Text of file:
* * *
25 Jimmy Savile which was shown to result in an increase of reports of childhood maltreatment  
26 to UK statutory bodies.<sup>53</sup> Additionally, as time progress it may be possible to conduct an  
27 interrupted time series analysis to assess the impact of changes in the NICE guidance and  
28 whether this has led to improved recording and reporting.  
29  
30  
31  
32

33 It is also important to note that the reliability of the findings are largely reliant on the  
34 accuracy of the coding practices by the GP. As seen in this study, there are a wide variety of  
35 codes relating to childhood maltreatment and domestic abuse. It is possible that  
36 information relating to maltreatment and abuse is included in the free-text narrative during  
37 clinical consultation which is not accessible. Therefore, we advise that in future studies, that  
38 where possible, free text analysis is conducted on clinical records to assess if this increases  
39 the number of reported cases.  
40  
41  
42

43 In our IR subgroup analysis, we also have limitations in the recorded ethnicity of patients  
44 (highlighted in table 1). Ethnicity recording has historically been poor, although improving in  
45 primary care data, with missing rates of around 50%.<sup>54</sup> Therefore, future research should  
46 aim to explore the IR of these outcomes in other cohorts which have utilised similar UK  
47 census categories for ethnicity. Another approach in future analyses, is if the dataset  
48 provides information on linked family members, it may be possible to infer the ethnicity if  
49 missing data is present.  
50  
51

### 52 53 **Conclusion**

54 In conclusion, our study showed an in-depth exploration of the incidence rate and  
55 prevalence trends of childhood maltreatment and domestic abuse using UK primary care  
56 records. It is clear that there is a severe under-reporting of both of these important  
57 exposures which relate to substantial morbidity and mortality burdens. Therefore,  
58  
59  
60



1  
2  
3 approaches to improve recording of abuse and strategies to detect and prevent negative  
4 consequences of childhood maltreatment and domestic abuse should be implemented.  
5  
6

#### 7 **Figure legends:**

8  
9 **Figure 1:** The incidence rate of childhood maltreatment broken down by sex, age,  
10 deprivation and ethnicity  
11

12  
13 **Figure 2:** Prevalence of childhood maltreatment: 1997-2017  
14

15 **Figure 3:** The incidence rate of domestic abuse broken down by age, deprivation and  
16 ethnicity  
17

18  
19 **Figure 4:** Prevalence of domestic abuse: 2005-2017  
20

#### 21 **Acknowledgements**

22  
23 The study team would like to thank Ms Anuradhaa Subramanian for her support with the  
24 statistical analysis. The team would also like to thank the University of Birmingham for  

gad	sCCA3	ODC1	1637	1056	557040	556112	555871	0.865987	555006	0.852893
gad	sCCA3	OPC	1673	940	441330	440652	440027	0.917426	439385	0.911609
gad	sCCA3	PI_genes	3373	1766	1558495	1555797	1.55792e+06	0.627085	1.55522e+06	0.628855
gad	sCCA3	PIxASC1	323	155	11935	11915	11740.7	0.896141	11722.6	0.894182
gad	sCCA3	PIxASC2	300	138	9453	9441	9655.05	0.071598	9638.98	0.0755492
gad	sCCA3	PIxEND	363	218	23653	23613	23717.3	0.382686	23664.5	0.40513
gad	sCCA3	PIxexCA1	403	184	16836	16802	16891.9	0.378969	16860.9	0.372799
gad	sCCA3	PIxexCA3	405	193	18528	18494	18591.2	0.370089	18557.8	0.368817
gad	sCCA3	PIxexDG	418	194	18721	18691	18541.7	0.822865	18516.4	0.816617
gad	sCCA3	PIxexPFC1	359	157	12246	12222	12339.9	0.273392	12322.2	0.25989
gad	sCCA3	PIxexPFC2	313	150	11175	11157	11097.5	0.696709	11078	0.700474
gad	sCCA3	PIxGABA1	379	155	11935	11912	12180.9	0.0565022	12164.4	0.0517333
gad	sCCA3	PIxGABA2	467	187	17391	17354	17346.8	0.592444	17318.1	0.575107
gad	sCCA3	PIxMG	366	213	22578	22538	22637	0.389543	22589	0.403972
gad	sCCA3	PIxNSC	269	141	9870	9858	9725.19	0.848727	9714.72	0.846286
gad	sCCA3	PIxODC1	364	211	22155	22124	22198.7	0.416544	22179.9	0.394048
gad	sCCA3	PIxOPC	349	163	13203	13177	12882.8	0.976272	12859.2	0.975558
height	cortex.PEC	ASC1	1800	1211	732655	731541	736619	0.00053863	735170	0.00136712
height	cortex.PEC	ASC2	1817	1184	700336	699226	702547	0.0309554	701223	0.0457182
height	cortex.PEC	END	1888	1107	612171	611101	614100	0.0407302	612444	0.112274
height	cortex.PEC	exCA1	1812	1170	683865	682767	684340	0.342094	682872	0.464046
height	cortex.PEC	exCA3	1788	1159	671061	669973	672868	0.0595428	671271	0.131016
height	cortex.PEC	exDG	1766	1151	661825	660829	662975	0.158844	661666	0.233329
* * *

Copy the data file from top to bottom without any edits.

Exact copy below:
25 Jimmy Savile which was shown to result in an increase of reports of childhood maltreatment  
26 to UK statutory bodies.<sup>53</sup> Additionally, as time progress it may be possible to conduct an  
27 interrupted time series analysis to assess the impact of changes in the NICE guidance and  
28 whether this has led to improved recording and reporting.  
29  
30  
31  
32

33 It is also important to note that the reliability of the findings are largely reliant on the  
34 accuracy of the coding practices by the GP. As seen in this study, there are a wide variety of  
35 codes relating to childhood maltreatment and domestic abuse. It is possible that  
36 information relating to maltreatment and abuse is included in the free-text narrative during  
37 clinical consultation which is not accessible. Therefore, we advise that in future studies, that  
38 where possible, free text analysis is conducted on clinical records to assess if this increases  
39 the number of reported cases.  
40  
41  
42

43 In our IR subgroup analysis, we also have limitations in the recorded ethnicity of patients  
44 (highlighted in table 1). Ethnicity recording has historically been poor, although improving in  
45 primary care data, with missing rates of around 50%.<sup>54</sup> Therefore, future research should  
46 aim to explore the IR of these outcomes in other cohorts which have utilised similar UK  
47 census categories for ethnicity. Another approach in future analyses, is if the dataset  
48 provides information on linked family members, it may be possible to infer the ethnicity if  
49 missing data is present.  
50  
51

### 52 53 **Conclusion**

54 In conclusion, our study showed an in-depth exploration of the incidence rate and  
55 prevalence trends of childhood maltreatment and domestic abuse using UK primary care  
56 records. It is clear that there is a severe under-reporting of both of these important  
57 exposures which relate to substantial morbidity and mortality burdens. Therefore,  
58  
59  
60



1  
2  
3 approaches to improve recording of abuse and strategies to detect and prevent negative  
4 consequences of childhood maltreatment and domestic abuse should be implemented.  
5  
6

#### 7 **Figure legends:**

8  
9 **Figure 1:** The incidence rate of childhood maltreatment broken down by sex, age,  
10 deprivation and ethnicity  
11

12  
13 **Figure 2:** Prevalence of childhood maltreatment: 1997-2017  
14

15 **Figure 3:** The incidence rate of domestic abuse broken down by age, deprivation and  
16 ethnicity  
17

18  
19 **Figure 4:** Prevalence of domestic abuse: 2005-2017  
20

#### 21 **Acknowledgements**

22  
23 The study team would like to thank Ms Anuradhaa Subramanian for her support with the  
24 statistical analysis. The team would also like to thank the University of Birmingham for  

gad	sCCA3	ODC1	1637	1056	557040	556112	555871	0.865987	555006	0.852893
gad	sCCA3	OPC	1673	940	441330	440652	440027	0.917426	439385	0.911609
gad	sCCA3	PI_genes	3373	1766	1558495	1555797	1.55792e+06	0.627085	1.55522e+06	0.628855
gad	sCCA3	PIxASC1	323	155	11935	11915	11740.7	0.896141	11722.6	0.894182
gad	sCCA3	PIxASC2	300	138	9453	9441	9655.05	0.071598	9638.98	0.0755492
gad	sCCA3	PIxEND	363	218	23653	23613	23717.3	0.382686	23664.5	0.40513
gad	sCCA3	PIxexCA1	403	184	16836	16802	16891.9	0.378969	16860.9	0.372799
gad	sCCA3	PIxexCA3	405	193	18528	18494	18591.2	0.370089	18557.8	0.368817
gad	sCCA3	PIxexDG	418	194	18721	18691	18541.7	0.822865	18516.4	0.816617
gad	sCCA3	PIxexPFC1	359	157	12246	12222	12339.9	0.273392	12322.2	0.25989
gad	sCCA3	PIxexPFC2	313	150	11175	11157	11097.5	0.696709	11078	0.700474
gad	sCCA3	PIxGABA1	379	155	11935	11912	12180.9	0.0565022	12164.4	0.0517333
gad	sCCA3	PIxGABA2	467	187	17391	17354	17346.8	0.592444	17318.1	0.575107
gad	sCCA3	PIxMG	366	213	22578	22538	22637	0.389543	22589	0.403972
gad	sCCA3	PIxNSC	269	141	9870	9858	9725.19	0.848727	9714.72	0.846286
gad	sCCA3	PIxODC1	364	211	22155	22124	22198.7	0.416544	22179.9	0.394048
gad	sCCA3	PIxOPC	349	163	13203	13177	12882.8	0.976272	12859.2	0.975558
height	cortex.PEC	ASC1	1800	1211	732655	731541	736619	0.00053863	735170	0.00136712
height	cortex.PEC	ASC2	1817	1184	700336	699226	702547	0.0309554	701223	0.0457182
height	cortex.PEC	END	1888	1107	612171	611101	614100	0.0407302	612444	0.112274
height	cortex.PEC	exCA1	1812	1170	683865	682767	684340	0.342094	682872	0.464046
height	cortex.PEC	exCA3	1788	1159	671061	669973	672868	0.0595428	671271	0.131016
height	cortex.PEC	exDG	1766	1151	661825	660829	662975	0.158844	661666	0.233329